r. alexander miłowski, geek

Alex Miłowski

An Introduction to My PhD Research

This is the start of a series of journal entries about my recently completed dissertation titled Enabling Scientific Data on the Web at the School of Informatics, University of Edinburgh . As I wait to defend my dissertation (July?), I'm going to try to explain what I've been up to these past four years. My hope is that not only will people understand what I've been doing, but also it will help me find new ways of explaining it other than a rather long document that few will actually read cover-to-cover.

Empowering Scientific Data on the Web

The casual observer may take issue with this statement. As humans, we can search and navigate to all kinds of scientific content on the Web, gain knowledge and understanding from it, and then derive answers. If this is the case, how can we say that science hasn't been successful on the Web?

The simple answer is that these are mostly the results of science and not the act of processing scientific data within the Web for the purpose of scientific endeavors. While I'm not trying to put the wrong spin on this, much of what is available is for consumption by people and falls into two broad categories:

  • Information silos that have been carefully crafted, derived from years of effort, the result of well-funded entities, for an often singular purpose of communicating or collaborating over information (e.g., GalaxyZoo ).
  • Information refined, produced, and published for consumption by a particular audience (e.g., Wikipedia — ).

These kinds of information or activies on the Web are very important resources for communicating about science. They provide the ability for non-scientists and scientists to interact with scientific data, find resources for answering questions, and help education generations of people interested in science. Yet, producing these resources requires both sufficiently well-funded entities and people with the perseverance to complete the task.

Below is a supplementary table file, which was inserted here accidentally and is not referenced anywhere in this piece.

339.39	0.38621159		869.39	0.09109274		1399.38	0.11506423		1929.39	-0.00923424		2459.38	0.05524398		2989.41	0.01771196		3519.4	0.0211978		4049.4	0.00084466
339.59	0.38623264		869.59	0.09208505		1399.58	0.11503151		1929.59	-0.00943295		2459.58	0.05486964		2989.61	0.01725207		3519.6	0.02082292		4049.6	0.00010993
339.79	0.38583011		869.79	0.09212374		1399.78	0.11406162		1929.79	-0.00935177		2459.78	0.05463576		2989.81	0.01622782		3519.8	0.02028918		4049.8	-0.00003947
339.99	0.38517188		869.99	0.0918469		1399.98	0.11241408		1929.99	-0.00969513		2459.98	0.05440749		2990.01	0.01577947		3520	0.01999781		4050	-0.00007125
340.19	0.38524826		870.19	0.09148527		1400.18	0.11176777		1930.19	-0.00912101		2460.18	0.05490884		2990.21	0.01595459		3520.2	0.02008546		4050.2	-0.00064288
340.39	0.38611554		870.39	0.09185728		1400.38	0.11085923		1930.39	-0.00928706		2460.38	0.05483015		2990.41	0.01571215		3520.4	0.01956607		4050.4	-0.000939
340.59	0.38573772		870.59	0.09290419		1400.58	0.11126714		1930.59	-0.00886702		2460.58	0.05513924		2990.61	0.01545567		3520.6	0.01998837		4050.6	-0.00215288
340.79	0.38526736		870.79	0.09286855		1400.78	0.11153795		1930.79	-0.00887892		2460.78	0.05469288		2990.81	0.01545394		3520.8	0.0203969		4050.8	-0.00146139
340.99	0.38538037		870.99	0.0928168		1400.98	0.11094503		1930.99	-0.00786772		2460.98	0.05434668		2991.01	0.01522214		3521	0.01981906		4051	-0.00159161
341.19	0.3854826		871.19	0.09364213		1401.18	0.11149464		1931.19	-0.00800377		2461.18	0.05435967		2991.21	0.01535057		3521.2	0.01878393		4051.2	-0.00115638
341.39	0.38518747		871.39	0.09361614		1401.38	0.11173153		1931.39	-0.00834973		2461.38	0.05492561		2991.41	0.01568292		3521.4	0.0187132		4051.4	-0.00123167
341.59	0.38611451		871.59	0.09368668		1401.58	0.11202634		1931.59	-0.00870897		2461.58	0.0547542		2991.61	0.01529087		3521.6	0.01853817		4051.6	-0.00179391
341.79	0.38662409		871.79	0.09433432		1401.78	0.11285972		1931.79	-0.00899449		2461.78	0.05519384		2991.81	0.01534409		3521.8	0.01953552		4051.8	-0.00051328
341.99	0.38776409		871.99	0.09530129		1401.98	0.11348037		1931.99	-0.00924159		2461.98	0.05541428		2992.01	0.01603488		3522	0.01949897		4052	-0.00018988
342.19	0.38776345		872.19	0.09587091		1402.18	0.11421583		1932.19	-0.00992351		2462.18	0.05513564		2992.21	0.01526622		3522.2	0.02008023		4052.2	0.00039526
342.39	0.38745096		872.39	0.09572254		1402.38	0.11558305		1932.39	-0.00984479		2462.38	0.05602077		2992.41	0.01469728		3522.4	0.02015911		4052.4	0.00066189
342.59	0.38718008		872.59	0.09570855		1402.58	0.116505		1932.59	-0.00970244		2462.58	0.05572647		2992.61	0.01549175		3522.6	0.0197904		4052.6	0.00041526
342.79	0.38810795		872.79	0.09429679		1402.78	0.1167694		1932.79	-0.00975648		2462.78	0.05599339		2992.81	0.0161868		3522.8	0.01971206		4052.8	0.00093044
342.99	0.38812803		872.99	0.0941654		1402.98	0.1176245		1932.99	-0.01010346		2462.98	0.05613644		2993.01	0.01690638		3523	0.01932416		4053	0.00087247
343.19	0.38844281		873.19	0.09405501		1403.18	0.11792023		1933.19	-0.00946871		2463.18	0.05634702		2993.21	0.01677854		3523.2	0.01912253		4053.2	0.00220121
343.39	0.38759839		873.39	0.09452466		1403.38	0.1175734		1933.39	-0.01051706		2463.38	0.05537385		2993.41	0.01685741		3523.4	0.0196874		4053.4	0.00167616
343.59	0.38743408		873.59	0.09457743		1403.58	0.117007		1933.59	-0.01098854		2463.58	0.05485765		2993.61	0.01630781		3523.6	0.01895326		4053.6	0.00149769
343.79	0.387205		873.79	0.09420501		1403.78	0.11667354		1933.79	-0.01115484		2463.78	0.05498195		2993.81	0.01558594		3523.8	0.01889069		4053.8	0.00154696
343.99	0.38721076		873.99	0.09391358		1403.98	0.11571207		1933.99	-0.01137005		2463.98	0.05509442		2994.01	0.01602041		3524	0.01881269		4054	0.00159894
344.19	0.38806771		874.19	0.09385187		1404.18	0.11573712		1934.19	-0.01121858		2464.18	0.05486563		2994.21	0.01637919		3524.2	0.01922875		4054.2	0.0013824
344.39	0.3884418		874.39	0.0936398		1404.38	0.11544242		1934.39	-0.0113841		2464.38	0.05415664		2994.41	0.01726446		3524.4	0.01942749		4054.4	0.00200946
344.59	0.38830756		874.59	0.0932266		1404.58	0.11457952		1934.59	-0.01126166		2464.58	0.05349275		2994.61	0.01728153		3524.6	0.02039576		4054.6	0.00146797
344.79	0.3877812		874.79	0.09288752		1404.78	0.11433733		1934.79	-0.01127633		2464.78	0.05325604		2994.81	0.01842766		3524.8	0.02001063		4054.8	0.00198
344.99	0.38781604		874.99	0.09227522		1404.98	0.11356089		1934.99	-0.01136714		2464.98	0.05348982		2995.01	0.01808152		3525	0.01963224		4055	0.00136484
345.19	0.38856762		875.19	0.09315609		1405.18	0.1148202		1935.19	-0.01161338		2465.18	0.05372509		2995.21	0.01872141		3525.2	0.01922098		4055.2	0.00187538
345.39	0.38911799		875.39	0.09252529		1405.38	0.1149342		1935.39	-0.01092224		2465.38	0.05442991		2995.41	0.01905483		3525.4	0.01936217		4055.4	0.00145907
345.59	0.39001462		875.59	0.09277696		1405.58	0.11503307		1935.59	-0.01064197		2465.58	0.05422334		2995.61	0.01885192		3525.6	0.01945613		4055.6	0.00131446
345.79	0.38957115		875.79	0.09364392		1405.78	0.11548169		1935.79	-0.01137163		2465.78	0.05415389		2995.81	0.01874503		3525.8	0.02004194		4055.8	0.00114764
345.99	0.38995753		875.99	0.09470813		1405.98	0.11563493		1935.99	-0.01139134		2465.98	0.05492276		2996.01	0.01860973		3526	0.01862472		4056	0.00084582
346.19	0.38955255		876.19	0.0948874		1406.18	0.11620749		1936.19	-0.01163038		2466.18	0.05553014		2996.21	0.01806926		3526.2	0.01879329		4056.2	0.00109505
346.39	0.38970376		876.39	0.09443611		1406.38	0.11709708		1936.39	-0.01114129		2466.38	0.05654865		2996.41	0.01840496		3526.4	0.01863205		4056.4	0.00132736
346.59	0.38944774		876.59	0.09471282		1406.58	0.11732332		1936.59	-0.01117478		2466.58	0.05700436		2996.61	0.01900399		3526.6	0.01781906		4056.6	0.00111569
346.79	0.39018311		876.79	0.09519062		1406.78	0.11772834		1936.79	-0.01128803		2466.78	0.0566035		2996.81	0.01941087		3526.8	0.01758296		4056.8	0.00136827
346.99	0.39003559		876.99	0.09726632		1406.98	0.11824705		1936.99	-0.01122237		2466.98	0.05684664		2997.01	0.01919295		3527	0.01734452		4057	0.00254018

Meanwhile, hiding in plain sight, are vast resources that are the artifacts of scientific endeavors. There are plenty of scientific data sets accessible from the Web, from scientific sources, agencies, and governments, that are available for download. For example, the (an astronomical data set) is 15.7 TB of images, 26.8 TB of other data, and 18 TB of catalogs. In fact, there are many massive repositories of astronomical, genome, climate, and other data that are available, possibly via the Web. So, aren't we done?

The answer is that by simply putting up an archive (a zip file), possibly massive in size, of “data” whose format isn't one your browser understands doesn't really make the data itself on the Web. The data is accessible from the Web by those wishing to download it, find tools that can process the formats, and then use that data for scientific endeavors. Yet, the time and effort necessary to complete all those tasks may be more than one desires and so the data may go unnoticed or unprocessed.

We want to enable some, if not all, of such processes to be handled on the Web and within the Open Web Platform. The goal is to ease development of processing of scientific information so that deriving new processes is easier. It is a big goal and not all of it is probably possible at this moment. Yet, how far can we push the Open Web Platform to enable scientific data to be processed as a first-class citizen?